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How Not to Start your Gravel Career | The Traka 200
“I just need to get through the first 30km without accident or incident.”
It’s 05:00 and I’m shovelling white rice and a bag of Haribo into my mouth. An hour later, I meet my good friend (and real gravel pro) Nathan Haas, outside my front door. We roll the couple of kilometres across to the race start and are met by tens of people who are leaving the nightclub which is just below where I live. It’s a weird feeling to be going to a bike race when people are falling out of a night club.
“I just need to get through the first 30km without accident or incident.” pretty much the final words I said to Nathan before we went our separate ways at the line for the 7am start.
Unfortunately, I did the exact opposite as that.
Let me get my reasoning out the way fast, then I’ll go into details. You have every right to class these as excuses.
Approx. 15km: I crash myself out of the front twenty due to a lack of skill.
Approx. 20km: Now in Group 2, my chain jams and I have to jump off to repair it.
Approx. 30km: Now in Group 3, I have a front wheel mechanical and have to jump off to repair it.
That whole “without accident or incident” went well.
My best comparison to this sort of situation is when racing in crosswinds on the road. The second you mechanical or drop out of a group, you don’t see it again until the finish line. Once I was out the back of the third group, there was such a big gap to the next that I was just with one other guy. I chased hard, probably too hard. I made no headway and blew myself up. I miss having the race convoy in this situation.
Gravel racing starts are hard. I’ve got my old-faithful road neutral positioning skills and managed to go into the start of the off-road stuff in sixth wheel. Bloody hell it was hard. I thought I was in a safe space, but attacks were going left right and centre. Did these guys not know that there was another 190km or so to come?!
There’s not much to report after the first 30km really. I rode hard all day, but knew the race was gone. I had a *very* dark patch between 140km-170km. It felt like the lights were on but nobody was at home. I was definitely paying for the long stretch of solo chasing. My saviour was a bottle of water that I picked up with 30km to go. Never ever in my life has water had such an impact. I almost immediately downed the 500ml, and I was a new man. I had a complete new lease of life in that final 30km.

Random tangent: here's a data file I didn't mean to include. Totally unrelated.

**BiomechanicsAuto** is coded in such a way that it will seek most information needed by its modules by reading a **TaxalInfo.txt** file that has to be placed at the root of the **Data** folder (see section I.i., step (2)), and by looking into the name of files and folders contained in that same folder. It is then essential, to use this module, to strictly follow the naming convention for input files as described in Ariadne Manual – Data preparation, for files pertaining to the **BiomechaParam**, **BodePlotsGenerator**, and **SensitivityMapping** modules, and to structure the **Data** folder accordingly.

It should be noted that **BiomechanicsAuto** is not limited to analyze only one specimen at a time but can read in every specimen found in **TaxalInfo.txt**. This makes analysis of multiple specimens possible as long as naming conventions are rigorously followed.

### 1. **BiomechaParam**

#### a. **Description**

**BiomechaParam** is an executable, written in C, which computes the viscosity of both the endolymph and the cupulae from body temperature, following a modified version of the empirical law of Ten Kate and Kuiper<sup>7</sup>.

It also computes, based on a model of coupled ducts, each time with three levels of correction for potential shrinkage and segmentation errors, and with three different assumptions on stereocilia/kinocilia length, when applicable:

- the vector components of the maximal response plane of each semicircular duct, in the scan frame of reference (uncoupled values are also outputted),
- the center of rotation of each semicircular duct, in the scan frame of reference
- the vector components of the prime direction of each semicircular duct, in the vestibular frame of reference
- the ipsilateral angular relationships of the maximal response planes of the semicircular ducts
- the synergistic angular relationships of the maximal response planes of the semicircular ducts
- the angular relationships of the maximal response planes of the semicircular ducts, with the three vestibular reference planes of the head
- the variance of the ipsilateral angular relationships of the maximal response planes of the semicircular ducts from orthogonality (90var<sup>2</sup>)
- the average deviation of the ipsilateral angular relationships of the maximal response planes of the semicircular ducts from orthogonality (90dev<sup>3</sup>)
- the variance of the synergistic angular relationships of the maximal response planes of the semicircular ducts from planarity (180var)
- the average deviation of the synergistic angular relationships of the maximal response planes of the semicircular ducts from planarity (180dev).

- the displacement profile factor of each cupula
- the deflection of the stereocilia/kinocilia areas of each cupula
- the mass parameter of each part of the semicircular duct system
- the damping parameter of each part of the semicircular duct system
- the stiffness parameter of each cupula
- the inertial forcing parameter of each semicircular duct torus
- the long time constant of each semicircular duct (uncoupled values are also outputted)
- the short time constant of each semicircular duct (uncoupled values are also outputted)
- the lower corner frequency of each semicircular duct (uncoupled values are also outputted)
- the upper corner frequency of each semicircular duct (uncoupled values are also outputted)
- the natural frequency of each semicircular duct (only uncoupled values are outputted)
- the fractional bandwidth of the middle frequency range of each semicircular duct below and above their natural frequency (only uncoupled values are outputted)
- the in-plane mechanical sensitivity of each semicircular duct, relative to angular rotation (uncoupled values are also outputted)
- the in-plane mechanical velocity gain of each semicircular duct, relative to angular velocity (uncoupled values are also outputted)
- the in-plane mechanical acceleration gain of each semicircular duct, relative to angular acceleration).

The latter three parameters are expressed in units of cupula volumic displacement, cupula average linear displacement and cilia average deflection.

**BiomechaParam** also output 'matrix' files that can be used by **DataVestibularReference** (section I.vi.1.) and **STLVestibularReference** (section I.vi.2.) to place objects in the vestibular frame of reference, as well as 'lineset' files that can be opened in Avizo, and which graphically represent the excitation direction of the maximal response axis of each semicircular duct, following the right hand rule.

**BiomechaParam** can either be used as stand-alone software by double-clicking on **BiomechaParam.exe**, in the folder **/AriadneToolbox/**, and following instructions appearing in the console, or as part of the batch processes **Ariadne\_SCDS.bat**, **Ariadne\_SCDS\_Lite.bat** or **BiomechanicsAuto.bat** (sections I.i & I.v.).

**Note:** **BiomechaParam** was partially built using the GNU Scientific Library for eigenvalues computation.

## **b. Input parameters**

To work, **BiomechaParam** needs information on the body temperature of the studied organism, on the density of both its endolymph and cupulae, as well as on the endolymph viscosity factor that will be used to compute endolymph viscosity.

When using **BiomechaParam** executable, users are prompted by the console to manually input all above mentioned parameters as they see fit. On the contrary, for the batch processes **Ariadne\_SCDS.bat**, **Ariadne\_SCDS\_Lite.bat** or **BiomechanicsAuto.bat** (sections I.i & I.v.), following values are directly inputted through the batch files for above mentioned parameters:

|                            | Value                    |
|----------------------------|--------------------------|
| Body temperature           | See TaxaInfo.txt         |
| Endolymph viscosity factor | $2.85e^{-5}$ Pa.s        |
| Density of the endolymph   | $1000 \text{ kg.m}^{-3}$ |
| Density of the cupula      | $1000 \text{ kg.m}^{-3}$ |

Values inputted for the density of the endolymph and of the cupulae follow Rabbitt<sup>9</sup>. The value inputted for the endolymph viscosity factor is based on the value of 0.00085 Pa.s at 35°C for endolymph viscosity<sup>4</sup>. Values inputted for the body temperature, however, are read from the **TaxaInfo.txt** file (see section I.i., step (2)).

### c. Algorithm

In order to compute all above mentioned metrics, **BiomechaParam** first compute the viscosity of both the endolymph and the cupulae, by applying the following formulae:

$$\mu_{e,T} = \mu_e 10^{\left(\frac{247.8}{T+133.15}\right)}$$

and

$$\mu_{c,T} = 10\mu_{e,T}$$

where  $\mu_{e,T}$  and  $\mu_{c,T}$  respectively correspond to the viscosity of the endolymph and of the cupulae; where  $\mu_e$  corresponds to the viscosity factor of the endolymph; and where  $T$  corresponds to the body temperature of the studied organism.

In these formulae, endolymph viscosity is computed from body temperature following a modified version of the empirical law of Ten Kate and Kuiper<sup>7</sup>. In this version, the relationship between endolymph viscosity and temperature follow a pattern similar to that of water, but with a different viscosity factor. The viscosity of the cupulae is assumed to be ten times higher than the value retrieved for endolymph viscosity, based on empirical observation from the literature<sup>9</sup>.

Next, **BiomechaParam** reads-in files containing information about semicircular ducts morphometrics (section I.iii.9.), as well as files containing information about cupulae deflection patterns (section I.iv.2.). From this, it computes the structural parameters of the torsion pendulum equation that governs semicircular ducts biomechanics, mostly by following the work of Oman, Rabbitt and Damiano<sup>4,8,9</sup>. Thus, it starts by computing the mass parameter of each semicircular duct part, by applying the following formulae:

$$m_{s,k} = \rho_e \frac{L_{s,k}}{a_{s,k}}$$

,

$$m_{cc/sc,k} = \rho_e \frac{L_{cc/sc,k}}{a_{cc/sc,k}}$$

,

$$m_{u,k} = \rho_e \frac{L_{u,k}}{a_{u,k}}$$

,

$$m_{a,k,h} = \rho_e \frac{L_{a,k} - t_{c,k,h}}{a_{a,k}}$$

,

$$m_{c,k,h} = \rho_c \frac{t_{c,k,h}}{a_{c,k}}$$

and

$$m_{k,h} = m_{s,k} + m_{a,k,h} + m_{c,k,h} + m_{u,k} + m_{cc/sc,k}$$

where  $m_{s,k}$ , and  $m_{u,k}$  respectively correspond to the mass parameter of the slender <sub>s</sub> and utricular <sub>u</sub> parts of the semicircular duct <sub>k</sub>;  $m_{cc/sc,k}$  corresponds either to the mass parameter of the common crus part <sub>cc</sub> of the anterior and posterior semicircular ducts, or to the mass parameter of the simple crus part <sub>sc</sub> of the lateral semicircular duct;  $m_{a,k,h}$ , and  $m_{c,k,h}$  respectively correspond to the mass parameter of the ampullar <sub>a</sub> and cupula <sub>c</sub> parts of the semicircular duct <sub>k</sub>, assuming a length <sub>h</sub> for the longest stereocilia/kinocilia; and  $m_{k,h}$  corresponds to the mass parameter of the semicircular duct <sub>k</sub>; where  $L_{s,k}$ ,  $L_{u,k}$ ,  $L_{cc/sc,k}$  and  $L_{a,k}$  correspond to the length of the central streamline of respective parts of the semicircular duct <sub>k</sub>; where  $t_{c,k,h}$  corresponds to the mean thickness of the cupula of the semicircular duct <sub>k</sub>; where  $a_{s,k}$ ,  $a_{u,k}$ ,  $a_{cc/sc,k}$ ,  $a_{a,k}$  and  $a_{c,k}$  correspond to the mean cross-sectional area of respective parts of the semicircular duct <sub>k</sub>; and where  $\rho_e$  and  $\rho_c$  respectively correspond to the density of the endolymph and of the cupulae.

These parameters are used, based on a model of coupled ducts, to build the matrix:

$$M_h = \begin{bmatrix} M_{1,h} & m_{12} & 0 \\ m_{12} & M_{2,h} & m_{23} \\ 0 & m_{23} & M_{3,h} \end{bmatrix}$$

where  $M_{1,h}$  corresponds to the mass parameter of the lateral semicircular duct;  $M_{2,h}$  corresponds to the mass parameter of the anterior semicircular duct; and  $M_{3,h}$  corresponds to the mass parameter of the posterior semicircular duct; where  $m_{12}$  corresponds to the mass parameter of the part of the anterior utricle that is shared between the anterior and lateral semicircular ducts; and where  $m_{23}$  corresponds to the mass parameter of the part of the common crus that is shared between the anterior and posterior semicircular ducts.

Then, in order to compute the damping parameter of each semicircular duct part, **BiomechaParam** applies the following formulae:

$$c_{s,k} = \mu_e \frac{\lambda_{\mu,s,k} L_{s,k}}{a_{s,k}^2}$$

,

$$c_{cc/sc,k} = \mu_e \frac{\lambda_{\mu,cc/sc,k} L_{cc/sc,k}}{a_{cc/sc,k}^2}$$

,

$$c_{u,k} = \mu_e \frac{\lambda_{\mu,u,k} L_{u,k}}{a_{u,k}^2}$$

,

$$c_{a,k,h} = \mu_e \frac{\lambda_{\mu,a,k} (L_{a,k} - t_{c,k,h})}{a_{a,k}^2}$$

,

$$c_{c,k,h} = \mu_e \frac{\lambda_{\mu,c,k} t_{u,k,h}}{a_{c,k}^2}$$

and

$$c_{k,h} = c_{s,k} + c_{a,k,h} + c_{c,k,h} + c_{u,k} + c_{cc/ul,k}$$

As I write this Substack, it is 16:42. I have been up since 5am, I have raced 200km and I sank a couple of beers immediately post race. So, forgive me if the edit isn’t quite as golden as usual. I thought it’d be good to get this out as soon as possible. Get it written while I’ve still got dried blood on my left knee and all that stuff/
I’ve got a lot to learn in gravel. I know that I’ve got the engine, it’s just the technical aspect. Unlock that and I’ll be good. It’ll just take time. I’m slightly frustrated about today. Going from group to group was annoying, especially considering it was largely due to mechanicals. But, that’s bike racing.
I hastily say this as it was a hellish day out, but I did enjoy it and I finished with a smile.
Oh, there is one final thing that I wasn’t going to mention but will make you chuckle, and damage my ego. With around 15km to go, we cross over a main road and come home on one of my regularly ridden trails.
In all my genius, I cut the corner and ride the grass as it would be a faster line. It turns out that grass was hiding (an approx.) metre deep ditch. My front wheel sank, I go head over handlebars. I’m largely okay but my lever takes a shunt, and my ego majorly bruised. Welcome to Gravel.
Where did I finish? Honestly I have no clue. I guess around twenty minutes down.
Lessons I Learned:
GRVL RCNG is hard
Double check and tighten EVERYTHING on your bike. Stuff rattles loose.
42x11 is too small a gear to race on.
Think about the heat. The slower average speeds means that you roast when racing off-road.
Have a good nutrition plan, but plain water is Godly.
It’s easy to go the wrong way. The GPS is your Bible.
Do a proper warm up.
7am is the earliest I am willing to start a race at.
Don’t cut corners, because then you crash.
Listen to Nathan, he’s usually right.
Thanks to both Dave Smith and Alan Murchison who said “it’ll make a good blog thing if nothing else.”
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